for comparing foods. There may be an expiration or “use by”
date on the label or container.
first, reading labels will add some time to your shopping
trip. Soon you will learn which products are best for you.
All This Food Cost a Lot?
are some ways to keep your food costs down:
(generic) labels, if available, or store brands are usually
cheaper than name brands.
your menu around items on sale.
more of the foods you enjoy, and quickly refrigerate the
leftovers to eat in a day or two.
leftovers into individual servings. Write the contents and
date on each package, and freeze to use within a few months.
meal preparation and costs with a friend.
a “pot-luck” dinner where everyone brings a prepared dish.
stamps from the Federal Government help people with low incomes
buy groceries. If you think you are eligible, check with a
local food stamps office or Area Agency on Aging. Also ask
your local Area Agency on Aging or tribal organization about
the nearest senior center or nutrition site. You may be able
to enjoy free or low-cost meals for older people at a community
center, church, or school. These meals offer good food and
a chance to be with other people. Home delivered meals are
available for people who are homebound.
learn about DASH, go to:
National Heart, Lung, and Blood Institute
Bethesda, MD 20824-0105
learn more about nutrition, meal programs, or help with shopping,
USDA Food and Nutrition Information Center (FNIC)
10301 Baltimore Avenue, Room 304
Beltsville, MD 20705-2351
330 Independence Avenue, SW
Washington, DC 20201
Federal Government has several websites with information on
more information on health and aging, contact:
Institute on Aging Information Center
P.O. Box 8057
Gaithersburg, MD 20898-8057
The National Institute on Aging website is www.nia.nih.gov.
order publications (in English or Spanish) online, visit www.niapublications.org.
NIHSeniorHealth.gov (www.nihseniorhealth.gov -- site no longer exists),
a senior-friendly website from the National Institute on Aging
and the National Library of Medicine. This simple-to- use
website features popular health topics for older adults, including
one on lung cancer. It has large type and a “talking” function
that reads the text out loud.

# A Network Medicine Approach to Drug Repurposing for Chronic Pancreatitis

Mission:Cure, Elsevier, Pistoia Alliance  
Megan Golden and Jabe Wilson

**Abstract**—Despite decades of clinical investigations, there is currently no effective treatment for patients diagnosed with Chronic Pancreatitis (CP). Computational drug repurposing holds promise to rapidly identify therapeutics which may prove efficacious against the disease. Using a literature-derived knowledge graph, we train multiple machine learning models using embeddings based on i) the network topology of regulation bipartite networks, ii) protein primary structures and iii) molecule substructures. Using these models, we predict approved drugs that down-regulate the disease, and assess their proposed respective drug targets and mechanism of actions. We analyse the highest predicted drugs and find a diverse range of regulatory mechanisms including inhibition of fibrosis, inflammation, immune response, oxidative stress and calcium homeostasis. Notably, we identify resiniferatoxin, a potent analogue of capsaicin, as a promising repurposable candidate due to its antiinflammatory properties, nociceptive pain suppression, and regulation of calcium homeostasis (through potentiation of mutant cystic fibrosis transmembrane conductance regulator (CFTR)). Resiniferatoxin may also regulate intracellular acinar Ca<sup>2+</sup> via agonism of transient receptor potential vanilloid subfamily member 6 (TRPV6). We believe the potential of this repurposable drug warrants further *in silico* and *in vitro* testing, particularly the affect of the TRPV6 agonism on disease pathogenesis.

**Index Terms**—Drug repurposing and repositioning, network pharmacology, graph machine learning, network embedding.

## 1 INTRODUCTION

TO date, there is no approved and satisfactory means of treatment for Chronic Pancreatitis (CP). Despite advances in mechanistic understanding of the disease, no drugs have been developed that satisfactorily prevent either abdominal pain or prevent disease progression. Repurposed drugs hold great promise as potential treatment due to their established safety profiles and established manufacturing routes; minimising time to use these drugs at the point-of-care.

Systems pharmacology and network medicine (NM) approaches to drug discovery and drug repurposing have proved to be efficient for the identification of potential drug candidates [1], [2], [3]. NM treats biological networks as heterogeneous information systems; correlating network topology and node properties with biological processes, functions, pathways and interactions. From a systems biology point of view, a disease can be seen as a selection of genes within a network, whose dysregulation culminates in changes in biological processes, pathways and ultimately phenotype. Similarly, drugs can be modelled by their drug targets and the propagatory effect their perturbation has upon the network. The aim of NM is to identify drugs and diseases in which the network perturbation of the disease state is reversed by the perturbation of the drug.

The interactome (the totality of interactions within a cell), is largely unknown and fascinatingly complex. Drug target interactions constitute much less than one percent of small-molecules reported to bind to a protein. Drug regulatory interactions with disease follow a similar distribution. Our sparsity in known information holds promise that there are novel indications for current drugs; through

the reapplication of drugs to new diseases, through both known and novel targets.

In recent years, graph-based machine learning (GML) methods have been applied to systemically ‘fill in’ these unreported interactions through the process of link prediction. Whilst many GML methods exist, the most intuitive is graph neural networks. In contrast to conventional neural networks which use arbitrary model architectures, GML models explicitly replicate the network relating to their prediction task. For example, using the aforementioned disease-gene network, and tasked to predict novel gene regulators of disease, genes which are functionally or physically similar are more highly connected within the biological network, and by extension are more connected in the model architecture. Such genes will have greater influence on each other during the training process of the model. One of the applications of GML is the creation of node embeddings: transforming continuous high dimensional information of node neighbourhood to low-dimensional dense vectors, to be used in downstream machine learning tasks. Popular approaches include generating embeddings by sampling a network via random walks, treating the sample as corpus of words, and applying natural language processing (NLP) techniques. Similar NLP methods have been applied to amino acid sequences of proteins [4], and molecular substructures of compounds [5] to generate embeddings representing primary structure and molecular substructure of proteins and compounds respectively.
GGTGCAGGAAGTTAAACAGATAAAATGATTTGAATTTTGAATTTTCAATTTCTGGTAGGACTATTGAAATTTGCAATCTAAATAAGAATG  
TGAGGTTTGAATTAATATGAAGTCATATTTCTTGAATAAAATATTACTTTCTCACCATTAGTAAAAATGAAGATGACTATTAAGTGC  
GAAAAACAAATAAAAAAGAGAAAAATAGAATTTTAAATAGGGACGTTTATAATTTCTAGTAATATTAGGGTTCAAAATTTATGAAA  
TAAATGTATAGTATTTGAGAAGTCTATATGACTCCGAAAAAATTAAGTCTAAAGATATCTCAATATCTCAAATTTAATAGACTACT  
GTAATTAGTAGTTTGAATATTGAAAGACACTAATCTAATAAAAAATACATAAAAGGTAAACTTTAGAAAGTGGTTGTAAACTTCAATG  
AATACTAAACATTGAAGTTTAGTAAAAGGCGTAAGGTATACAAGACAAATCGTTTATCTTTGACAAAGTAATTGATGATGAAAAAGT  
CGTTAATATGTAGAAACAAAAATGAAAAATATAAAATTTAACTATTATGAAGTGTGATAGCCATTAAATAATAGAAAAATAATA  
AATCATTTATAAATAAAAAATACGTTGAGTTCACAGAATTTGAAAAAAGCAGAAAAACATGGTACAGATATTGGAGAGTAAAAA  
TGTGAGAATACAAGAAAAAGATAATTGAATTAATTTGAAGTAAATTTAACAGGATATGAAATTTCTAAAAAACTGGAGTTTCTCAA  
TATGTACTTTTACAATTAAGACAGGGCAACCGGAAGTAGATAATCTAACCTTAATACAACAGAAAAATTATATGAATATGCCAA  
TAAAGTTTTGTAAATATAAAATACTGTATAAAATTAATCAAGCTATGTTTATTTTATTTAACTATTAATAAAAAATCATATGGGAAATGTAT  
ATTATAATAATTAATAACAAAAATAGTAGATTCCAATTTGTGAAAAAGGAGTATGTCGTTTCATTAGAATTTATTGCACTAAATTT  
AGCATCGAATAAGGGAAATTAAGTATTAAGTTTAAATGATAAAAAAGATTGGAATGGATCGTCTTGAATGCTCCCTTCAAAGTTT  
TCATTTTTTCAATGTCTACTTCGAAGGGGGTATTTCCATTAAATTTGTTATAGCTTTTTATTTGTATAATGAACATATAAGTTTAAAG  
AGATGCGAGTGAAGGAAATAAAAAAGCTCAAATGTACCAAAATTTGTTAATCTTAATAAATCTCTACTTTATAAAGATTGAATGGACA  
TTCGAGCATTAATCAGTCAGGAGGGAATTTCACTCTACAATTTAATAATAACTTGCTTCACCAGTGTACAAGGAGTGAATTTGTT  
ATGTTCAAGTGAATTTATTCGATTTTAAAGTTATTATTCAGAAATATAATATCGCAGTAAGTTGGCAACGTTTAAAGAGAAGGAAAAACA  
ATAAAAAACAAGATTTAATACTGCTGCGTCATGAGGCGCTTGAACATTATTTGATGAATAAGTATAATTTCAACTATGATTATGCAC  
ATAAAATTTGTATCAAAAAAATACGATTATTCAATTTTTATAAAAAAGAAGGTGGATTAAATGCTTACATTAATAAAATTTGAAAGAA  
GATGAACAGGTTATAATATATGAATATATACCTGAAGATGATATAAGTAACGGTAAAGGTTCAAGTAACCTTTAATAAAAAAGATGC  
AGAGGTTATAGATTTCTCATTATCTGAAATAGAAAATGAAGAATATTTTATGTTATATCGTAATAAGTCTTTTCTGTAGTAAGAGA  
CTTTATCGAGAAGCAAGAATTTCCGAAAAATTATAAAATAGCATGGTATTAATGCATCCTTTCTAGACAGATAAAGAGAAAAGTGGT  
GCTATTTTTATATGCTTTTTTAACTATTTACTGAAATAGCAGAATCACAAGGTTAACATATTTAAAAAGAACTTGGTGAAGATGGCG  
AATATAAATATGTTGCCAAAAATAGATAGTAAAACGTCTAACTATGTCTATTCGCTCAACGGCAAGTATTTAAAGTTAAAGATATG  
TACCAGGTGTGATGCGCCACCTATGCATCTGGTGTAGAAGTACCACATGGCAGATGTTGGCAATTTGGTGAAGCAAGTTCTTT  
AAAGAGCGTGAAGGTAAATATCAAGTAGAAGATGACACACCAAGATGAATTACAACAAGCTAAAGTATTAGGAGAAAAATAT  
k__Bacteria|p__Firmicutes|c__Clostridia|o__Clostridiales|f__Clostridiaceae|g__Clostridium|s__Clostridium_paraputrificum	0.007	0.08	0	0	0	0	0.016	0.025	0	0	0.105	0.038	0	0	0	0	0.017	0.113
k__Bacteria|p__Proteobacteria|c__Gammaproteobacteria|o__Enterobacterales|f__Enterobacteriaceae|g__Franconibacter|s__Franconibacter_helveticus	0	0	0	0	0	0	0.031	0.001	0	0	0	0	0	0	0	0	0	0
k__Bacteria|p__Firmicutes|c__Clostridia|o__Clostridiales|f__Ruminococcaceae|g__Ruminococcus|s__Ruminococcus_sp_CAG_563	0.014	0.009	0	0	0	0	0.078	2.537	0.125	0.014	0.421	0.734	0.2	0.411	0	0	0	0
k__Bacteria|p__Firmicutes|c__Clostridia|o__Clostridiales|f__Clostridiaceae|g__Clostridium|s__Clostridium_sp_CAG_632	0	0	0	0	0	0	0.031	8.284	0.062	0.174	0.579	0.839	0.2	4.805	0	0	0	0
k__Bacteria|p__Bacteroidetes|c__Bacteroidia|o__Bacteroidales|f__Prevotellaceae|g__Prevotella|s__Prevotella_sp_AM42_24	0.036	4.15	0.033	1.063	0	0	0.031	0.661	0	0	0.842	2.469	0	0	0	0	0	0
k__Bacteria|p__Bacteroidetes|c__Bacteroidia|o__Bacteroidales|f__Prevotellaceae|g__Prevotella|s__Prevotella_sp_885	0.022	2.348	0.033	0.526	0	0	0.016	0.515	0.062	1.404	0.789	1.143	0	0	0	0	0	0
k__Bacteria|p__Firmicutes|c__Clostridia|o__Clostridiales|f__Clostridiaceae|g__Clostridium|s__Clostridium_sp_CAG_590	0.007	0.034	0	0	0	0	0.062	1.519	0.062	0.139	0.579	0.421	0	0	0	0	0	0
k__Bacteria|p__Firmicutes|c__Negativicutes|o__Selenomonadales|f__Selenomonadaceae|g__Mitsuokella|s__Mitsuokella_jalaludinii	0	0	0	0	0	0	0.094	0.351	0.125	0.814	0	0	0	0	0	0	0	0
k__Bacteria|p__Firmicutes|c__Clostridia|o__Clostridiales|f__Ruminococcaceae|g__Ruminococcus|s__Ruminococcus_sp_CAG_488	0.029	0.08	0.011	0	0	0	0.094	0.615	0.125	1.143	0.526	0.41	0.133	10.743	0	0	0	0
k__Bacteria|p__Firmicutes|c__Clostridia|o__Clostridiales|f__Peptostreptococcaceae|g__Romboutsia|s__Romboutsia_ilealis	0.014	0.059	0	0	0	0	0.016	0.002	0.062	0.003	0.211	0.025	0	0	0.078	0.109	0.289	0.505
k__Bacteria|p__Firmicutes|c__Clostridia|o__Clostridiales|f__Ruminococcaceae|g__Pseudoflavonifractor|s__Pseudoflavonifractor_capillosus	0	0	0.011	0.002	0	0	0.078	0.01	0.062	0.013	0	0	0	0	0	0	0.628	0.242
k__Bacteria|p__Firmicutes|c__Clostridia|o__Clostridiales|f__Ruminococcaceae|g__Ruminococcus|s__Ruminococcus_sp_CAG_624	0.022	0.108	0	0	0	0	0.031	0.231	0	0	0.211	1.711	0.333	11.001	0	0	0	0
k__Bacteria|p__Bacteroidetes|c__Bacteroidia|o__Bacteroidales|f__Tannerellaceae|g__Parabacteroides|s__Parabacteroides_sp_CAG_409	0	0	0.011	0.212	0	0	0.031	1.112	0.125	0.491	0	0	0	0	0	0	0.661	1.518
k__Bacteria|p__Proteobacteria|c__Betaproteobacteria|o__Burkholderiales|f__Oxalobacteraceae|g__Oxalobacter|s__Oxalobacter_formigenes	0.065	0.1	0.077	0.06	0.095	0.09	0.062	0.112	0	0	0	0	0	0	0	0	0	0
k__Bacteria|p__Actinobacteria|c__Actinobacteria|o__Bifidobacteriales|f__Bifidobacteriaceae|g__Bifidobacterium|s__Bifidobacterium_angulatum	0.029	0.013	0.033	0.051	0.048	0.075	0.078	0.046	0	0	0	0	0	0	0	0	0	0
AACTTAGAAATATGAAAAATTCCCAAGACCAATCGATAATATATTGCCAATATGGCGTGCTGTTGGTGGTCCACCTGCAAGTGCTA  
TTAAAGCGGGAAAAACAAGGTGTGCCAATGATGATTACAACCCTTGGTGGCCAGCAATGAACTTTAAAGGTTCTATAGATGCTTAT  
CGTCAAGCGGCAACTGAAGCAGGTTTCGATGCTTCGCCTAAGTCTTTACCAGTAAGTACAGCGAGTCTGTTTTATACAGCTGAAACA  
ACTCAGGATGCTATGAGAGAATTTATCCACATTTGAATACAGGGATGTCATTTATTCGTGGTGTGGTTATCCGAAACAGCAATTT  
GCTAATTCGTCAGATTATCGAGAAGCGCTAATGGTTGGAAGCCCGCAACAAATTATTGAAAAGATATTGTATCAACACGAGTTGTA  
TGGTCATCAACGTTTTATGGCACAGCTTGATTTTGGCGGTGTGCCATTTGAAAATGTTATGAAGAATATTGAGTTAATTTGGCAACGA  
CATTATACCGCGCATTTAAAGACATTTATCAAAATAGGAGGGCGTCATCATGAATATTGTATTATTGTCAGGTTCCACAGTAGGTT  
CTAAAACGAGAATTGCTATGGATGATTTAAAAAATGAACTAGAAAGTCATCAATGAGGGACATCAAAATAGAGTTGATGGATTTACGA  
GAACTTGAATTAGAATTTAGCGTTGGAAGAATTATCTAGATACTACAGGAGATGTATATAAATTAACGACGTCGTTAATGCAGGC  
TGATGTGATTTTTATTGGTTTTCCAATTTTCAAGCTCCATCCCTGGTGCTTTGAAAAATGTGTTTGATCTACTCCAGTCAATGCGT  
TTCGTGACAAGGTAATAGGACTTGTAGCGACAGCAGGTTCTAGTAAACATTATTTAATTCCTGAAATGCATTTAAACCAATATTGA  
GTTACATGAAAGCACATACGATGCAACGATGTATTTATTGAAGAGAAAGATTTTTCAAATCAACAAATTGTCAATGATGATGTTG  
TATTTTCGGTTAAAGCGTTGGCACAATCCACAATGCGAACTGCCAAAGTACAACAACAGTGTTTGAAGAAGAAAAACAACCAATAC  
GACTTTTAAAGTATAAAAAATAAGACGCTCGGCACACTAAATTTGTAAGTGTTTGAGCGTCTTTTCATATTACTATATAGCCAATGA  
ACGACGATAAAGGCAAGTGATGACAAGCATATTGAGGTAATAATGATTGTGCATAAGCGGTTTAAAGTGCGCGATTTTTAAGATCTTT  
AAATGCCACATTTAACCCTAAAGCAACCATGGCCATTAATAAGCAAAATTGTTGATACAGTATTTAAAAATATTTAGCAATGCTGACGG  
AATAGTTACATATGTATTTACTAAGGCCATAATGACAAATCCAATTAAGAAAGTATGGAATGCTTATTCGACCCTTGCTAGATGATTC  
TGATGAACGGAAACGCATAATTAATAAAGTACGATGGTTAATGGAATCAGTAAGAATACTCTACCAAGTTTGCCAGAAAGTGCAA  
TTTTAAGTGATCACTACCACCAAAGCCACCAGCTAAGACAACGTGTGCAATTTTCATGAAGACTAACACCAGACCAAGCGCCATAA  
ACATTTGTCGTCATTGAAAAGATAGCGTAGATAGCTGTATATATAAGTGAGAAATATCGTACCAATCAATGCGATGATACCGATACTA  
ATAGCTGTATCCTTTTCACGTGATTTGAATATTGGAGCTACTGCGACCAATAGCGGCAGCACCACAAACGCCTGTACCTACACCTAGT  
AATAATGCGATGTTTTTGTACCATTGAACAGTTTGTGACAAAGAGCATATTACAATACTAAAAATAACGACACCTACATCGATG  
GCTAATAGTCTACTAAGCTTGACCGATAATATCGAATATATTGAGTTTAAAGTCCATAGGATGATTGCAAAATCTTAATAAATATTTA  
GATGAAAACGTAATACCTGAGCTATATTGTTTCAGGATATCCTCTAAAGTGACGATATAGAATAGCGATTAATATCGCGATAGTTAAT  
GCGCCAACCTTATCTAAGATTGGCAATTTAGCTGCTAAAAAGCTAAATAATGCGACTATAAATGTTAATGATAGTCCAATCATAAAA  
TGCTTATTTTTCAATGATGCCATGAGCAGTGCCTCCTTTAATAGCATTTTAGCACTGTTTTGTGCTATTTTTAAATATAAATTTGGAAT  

What Happened to NIHSeniorHealth.gov?
as a Potassium Deficiency
- Potassium nutrition and physiology around the concept
that the low potassium always present in arthritis
and usually in heart disease should be relieved. An
exhaustive opinion on the subject.
- Copper Physiology - A detailed and referenced
opinion on copper nutrition and physiology as they
pertain to hemorrhoids, slipped discs, aneurisms,
emphysema, infection, arthritis, and maybe gray hair.
- Eating Well as We Age - The Food and Drug Administration.
Problems, solutions, nutrition facts.
- Elderly Nutrition Program - Administration on Aging
- Provides for congregate (group) and home-delivered
- ENC: Nutrition in the Elderly - Article examining
physiological, metabolic and economic changes that
may effect some elderly having a nutrient poor diet.
- Food Safety for the Elderly - Age increases risk
for food borne illness due to lowered stomach acid,
weakened immune systems, reduced sense of smell. Foods
safety precautions when handling, preparing, cooking,
storing food for seniors.
on Wheels - Community food services in western
& south western Sydney Australia.
- Meals On Wheels Association of America - Articles
on the MOWAA with easy links to follow to give donations.
- Nutrition and the Older Adult - Presented by The
Calgary Regional Health Authority.
- Nutrition for The Elderly - Informative links
to various resources related to questions of nutrition
for the elderly
- Nutrition Index - Articles devoted to nutrition
in the elderly including requirements, physiological
changes common problems and assessment of status.
- Nutrition News Focus - Nutrition for the Elderly
- Allows you to sign up for a free daily email newsletter
that helps you make sense of the often confusing and
contradictory nutrition news.
Screening Initiative - Nutrition checklist designed
to alert individuals, family members, and physicians
to conditions that may lead to malnutrition, particularly
in the aged.
- Nutritional Guidelines for Seniors - New food
guide pyramid developed by the US Department of Agriculture's
Human Nutrition Research Center on Aging.
- Seek Wellness - Nutrition and Aging - Offers several
articles about foods and supplements that may slow
aging or improve memory. Includes articles on food
programs, how to read labels, and physical activity
- Senior Mag - Nutrition Glossary - Nutritional
supplements defined along with recommended usages,
requirements/recommendations, and natural sources.